……. As Piper would say, “Come on Blue, this isn’t amateur hour!”

Another problem is that the Sole Survivor has been written into the role of “emotional parent”, and that’s what the player is stuck with. Sure, fresh out of the vault, it makes sense for your immediate concern to be finding your lost son that you just saw get kidnapped. However, nearly two months of wandering the wastes later… you’re a changed person. Your goals and personality will change based on the experiences you’ve had and people you’ve met. Not that finding your son becomes any less important, but maybe you realize you’re not going to find your son any faster by whining at people, because everyone has their own problems. Maybe you learn from people like Piper that helping others can be fulfilling, and go a long way to them helping you in return. Perhaps the main character goes through this growth and change in the linear narrative as well, and by the end of the story she’ll be as I envision her now, but to already be there in my mind, and then have the story retract that feels strange.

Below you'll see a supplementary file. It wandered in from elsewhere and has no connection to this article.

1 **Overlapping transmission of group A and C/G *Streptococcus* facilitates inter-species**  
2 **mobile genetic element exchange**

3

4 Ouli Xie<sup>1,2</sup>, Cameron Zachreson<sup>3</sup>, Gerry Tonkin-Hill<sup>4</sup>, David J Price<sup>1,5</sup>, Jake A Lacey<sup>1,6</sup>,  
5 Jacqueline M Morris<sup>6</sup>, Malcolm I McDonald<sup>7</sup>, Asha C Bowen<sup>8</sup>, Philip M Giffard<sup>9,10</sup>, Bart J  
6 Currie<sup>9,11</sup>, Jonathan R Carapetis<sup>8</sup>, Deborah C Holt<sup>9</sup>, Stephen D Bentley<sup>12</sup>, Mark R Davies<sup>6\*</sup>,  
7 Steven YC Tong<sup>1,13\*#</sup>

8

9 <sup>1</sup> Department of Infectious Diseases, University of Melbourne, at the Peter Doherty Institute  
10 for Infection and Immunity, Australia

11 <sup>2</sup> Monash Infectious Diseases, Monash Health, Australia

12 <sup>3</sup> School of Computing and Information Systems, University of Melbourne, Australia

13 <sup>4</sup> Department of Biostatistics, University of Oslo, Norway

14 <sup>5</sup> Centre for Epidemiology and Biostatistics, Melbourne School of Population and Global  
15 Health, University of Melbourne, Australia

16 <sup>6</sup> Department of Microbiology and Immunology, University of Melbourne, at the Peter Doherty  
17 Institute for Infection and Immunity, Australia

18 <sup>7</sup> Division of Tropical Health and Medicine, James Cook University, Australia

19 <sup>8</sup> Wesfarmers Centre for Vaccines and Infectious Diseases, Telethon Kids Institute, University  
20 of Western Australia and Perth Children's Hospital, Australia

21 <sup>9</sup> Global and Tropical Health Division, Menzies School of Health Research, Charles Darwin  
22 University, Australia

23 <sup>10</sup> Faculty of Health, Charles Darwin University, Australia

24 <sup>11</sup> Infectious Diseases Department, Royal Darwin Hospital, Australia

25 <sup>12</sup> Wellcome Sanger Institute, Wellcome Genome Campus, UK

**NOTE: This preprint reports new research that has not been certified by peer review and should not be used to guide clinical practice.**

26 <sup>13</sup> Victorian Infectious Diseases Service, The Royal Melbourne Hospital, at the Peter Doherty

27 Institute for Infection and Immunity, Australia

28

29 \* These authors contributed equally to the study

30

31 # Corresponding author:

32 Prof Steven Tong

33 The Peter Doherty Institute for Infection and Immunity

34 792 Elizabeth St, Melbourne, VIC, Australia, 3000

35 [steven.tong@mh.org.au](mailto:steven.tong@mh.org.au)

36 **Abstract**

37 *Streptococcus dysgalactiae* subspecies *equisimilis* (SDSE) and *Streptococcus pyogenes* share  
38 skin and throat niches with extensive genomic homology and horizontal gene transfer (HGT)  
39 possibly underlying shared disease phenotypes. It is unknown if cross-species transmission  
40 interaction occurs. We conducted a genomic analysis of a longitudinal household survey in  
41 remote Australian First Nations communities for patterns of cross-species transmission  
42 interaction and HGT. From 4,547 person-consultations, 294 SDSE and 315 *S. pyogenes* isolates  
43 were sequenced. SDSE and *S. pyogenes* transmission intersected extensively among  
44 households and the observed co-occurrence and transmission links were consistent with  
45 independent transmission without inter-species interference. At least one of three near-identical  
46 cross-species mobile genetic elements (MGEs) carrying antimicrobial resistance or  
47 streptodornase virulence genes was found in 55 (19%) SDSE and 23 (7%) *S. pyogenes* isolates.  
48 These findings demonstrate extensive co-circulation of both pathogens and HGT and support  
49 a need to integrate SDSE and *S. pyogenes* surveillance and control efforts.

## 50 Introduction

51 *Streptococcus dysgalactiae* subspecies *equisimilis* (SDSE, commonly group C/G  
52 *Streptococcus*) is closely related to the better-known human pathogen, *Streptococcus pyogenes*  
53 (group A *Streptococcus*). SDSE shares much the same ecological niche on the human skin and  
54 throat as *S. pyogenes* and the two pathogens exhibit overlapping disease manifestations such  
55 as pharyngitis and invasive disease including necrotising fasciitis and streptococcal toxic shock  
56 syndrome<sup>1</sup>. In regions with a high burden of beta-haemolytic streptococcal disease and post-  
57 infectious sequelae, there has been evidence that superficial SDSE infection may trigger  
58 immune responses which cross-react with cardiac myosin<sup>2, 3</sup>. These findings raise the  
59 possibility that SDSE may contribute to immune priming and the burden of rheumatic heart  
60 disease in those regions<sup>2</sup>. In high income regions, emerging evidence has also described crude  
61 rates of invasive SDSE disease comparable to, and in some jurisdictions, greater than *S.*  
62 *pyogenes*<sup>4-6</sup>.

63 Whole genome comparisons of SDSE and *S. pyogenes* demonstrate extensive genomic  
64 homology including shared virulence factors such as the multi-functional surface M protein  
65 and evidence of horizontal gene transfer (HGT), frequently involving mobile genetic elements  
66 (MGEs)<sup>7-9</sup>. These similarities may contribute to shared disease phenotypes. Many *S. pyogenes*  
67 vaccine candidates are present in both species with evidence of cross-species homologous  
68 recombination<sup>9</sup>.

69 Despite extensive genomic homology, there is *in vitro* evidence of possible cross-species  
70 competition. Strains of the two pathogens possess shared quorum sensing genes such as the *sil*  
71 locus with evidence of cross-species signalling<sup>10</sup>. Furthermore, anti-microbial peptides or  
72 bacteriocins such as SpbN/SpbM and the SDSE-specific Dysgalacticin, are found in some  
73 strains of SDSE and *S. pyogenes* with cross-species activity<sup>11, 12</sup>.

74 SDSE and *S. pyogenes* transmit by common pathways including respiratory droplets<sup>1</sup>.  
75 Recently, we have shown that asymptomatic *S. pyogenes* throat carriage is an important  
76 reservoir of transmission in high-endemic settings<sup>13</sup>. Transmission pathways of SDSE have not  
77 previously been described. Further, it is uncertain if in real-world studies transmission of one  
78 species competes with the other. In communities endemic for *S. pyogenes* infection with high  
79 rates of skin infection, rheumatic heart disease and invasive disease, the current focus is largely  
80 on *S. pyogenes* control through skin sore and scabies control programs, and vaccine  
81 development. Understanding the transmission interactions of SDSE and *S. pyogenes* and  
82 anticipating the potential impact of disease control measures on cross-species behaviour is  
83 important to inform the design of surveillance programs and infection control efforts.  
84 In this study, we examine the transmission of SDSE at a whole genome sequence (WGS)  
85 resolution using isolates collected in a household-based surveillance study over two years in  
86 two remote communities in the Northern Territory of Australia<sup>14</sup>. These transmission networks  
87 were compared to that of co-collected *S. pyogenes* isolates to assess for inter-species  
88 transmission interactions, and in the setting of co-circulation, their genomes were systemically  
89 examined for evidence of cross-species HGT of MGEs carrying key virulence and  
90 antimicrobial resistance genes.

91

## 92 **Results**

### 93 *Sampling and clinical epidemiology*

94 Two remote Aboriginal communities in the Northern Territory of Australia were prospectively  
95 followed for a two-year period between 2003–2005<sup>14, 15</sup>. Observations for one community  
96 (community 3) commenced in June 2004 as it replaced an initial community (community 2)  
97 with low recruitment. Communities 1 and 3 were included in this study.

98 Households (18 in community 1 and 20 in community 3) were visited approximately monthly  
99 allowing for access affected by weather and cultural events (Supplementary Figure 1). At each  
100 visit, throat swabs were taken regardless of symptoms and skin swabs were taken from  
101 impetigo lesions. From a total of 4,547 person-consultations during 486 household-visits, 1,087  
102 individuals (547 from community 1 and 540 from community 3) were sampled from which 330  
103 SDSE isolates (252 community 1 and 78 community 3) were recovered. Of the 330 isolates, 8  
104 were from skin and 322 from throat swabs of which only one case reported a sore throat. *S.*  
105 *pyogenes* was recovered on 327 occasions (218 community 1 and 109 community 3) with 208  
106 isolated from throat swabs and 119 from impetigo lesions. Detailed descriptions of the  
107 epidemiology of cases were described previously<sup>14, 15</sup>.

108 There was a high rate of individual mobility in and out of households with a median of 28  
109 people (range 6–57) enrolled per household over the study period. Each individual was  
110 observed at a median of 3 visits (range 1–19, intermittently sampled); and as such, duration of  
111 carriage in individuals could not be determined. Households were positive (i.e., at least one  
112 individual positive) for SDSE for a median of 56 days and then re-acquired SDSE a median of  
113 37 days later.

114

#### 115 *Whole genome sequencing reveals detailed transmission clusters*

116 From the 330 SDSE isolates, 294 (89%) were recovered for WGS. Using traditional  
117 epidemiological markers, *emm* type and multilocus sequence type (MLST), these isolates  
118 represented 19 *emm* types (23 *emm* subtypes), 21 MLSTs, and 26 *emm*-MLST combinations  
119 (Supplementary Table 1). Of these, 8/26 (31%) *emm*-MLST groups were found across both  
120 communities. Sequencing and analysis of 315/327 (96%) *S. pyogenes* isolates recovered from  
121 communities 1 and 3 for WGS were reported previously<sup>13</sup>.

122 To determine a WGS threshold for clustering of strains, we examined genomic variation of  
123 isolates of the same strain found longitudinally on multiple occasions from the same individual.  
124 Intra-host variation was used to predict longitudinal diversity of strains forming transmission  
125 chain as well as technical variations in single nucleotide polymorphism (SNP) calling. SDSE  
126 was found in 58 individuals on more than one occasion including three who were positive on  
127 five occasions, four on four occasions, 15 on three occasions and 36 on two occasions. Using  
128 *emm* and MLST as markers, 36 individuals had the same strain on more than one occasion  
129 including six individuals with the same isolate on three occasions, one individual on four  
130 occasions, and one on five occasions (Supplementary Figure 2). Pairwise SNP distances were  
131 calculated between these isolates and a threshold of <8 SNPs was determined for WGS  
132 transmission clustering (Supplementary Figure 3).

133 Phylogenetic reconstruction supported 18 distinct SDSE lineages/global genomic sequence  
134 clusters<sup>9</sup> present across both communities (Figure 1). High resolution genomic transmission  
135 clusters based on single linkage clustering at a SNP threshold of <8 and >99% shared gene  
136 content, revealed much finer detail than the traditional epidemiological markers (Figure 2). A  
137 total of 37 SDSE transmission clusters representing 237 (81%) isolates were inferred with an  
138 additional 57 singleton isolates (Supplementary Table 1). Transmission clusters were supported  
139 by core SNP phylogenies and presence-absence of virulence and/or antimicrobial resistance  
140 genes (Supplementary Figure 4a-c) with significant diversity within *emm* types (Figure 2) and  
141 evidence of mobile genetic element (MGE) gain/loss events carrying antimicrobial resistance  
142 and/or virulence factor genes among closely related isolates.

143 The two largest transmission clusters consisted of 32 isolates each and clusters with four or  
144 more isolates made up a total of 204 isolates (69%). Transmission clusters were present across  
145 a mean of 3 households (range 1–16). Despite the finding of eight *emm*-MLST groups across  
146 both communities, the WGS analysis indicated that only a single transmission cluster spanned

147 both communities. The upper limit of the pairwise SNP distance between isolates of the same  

How can the writers fix this? Maybe not just the writers, but designers as well: Have flags for dialogues based on character level, other dialogues completed, and quests completed. And thus — more dialogue options. As it is, the player has the same canned responses to a situation whether they’re level 1 or 100, and no matter which quests they’ve completed or people they’ve talked to. By giving the protag a wider variety of responses that demonstrate different levels of achievement in the game, the player will be far less likely to feel that dissonance with their character. Telling a cohesive, linear story is all well and good, but in a go-anywhere-do-anything open world game, reducing the protagonist down to a single trope diminishes the bond the player has with their character, especially with such a robust character creation system. It seems disingenuous to offer an RPG up front, and give the player freedom to explore and carve their own path, but then limit the main character such that their experiences do not reflect their knowledge of the world and reactions to situations.